This year’s Sony PlayStation press conference shined a light on a variety of games coming to PSVR in the future, and easily one of the most striking games in the upcoming line-up would have to be Moss. I had the chance to check out the game early on during E3, and the game was actually my very first foray into VR. Immediately, the thing that popped out to me was the almost storybook presentation. The camera, by default, is off to the side of the sections of the level, and while you can of course move your head to look around, there’s definitely the focus on the sideways view.
Although you control your warrior mouse friend “Quill,” the game is very much a dance between controlling the mouse and using your controller to interact with objects in the environment, dragging them around and completing environmental puzzles. You don’t just have the ability to control random objects, either, as some enemies can also be dragged around in your effort to complete the demo’s various puzzles. One of my favorite moments playing the demo was when having finished the last puzzle, your friendly mouse popped out of the center of this almost bird-cage looking mechanism, waving to you.
I did have to mention to the developers that I felt that the game could use an option to play with the PlayStation Move and PlayStation Move Navigation controllers. As it currently stands, in order to drag things along, you have to use both your hands holding the Dualshock 4, whereas allowing players to use the PlayStation Move controller would let them interact with the environment with only one of their hands, freeing their other hand to better control the mouse. It actually sounded like they weren’t aware of the Navigation controller before I mentioned it, so hopefully that becomes an option when the game does eventually release. Regardless, I have to give the developers props for how cool it was to actually lean in to the game world in order to reach parts of the environment that you needed to interact with.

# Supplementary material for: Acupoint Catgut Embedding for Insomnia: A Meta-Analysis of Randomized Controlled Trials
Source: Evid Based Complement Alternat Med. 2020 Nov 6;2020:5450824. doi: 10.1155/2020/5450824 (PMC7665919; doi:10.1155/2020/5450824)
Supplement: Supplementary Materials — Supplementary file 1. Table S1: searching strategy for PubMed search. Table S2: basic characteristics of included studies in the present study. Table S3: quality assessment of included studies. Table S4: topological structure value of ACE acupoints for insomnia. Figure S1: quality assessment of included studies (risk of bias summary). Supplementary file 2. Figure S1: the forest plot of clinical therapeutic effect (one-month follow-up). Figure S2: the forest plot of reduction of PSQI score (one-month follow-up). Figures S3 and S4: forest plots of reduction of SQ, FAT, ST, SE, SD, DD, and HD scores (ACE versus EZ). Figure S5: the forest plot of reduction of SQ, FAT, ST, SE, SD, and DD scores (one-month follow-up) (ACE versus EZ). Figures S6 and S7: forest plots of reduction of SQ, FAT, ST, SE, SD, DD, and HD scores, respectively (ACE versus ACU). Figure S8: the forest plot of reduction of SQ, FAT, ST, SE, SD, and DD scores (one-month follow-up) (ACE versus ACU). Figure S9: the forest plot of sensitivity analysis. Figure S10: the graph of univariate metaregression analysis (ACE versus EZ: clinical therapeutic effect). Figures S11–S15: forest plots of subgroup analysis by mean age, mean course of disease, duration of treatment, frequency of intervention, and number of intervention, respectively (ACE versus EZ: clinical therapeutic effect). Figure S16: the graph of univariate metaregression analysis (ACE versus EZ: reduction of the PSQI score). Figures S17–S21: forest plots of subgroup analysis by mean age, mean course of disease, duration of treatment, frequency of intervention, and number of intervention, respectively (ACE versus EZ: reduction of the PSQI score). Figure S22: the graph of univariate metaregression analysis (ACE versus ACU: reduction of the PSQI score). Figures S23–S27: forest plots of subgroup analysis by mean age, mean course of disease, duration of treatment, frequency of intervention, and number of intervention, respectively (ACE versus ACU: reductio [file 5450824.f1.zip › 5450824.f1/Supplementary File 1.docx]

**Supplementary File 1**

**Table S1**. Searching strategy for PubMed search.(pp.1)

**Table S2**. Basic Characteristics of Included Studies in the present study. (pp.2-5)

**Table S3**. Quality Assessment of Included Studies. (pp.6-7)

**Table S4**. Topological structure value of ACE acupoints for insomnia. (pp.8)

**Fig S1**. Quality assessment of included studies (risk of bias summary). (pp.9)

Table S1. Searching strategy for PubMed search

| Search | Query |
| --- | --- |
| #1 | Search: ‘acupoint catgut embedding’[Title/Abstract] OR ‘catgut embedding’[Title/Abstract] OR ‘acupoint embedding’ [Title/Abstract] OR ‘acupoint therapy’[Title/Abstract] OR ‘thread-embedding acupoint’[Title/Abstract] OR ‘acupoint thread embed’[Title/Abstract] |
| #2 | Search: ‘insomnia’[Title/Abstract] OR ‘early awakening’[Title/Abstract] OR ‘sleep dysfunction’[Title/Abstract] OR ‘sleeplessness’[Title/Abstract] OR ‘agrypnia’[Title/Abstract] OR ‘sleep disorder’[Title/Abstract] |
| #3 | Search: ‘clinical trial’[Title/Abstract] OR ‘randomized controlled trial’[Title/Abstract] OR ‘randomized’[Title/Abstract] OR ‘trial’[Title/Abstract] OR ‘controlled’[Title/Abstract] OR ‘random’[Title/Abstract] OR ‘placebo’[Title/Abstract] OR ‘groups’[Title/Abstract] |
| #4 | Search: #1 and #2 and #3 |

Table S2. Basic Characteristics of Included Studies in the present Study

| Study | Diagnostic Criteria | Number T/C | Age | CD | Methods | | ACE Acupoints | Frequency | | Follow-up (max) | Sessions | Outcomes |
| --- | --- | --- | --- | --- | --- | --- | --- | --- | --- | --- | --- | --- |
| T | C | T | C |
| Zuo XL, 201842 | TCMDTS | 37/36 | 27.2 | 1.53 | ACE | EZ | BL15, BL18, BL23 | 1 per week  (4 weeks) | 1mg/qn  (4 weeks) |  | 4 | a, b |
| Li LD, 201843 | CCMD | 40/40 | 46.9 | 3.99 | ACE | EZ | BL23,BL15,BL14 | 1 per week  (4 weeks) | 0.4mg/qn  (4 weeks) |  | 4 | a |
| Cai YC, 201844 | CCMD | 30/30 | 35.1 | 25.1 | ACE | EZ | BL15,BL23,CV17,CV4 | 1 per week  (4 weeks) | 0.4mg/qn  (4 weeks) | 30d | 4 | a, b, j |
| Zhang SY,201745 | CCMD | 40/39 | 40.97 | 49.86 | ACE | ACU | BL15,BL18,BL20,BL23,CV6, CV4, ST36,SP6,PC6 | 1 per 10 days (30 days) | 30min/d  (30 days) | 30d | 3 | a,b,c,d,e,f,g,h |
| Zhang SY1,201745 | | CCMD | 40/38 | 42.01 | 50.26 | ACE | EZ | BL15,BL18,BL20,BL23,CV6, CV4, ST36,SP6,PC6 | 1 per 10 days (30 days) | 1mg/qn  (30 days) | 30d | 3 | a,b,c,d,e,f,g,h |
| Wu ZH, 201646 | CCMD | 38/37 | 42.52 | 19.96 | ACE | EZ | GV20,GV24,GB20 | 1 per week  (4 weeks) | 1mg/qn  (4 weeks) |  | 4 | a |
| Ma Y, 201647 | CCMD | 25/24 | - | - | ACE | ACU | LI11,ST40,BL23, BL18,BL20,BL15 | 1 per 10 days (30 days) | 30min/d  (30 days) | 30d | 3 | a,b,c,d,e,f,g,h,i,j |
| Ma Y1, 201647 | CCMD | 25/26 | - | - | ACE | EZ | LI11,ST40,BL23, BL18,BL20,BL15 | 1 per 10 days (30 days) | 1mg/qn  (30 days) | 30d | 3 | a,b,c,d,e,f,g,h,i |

Outside of the motion controls to interact with the environment (which gave the game a really interesting “puzzle box” feeling), players use Quill, swinging his sword and jumping around, to traverse through each section of the world as you continue to mess around with it. The combat was relatively simple in the demo I played, but the developers I talked to made it clear that the combat should evolve with more nuance added to it the further that players traverse through the game.
The game’s artstyle was very striking, with stylized character models and very nice atmospheric lighting in sections. The final shot in the demo was especially nice looking, and from a graphical standpoint Moss is definitely one of the better looking PSVR games I’ve played. The game’s soundtrack, while decidedly a little more low-key compared to some other titles Sony had to show at their PlayStation VR, still added a lot to the games atmosphere.
If nothing else, Moss adds a little bit of childlike wonder to the upcoming PlayStation VR library. I eagerly await more information of the game, and I hope that we can get a release window set in the coming months.
If you want to know more about this and other announcements happening at E3 then be sure to check out our E3 2017 Coverage Hub.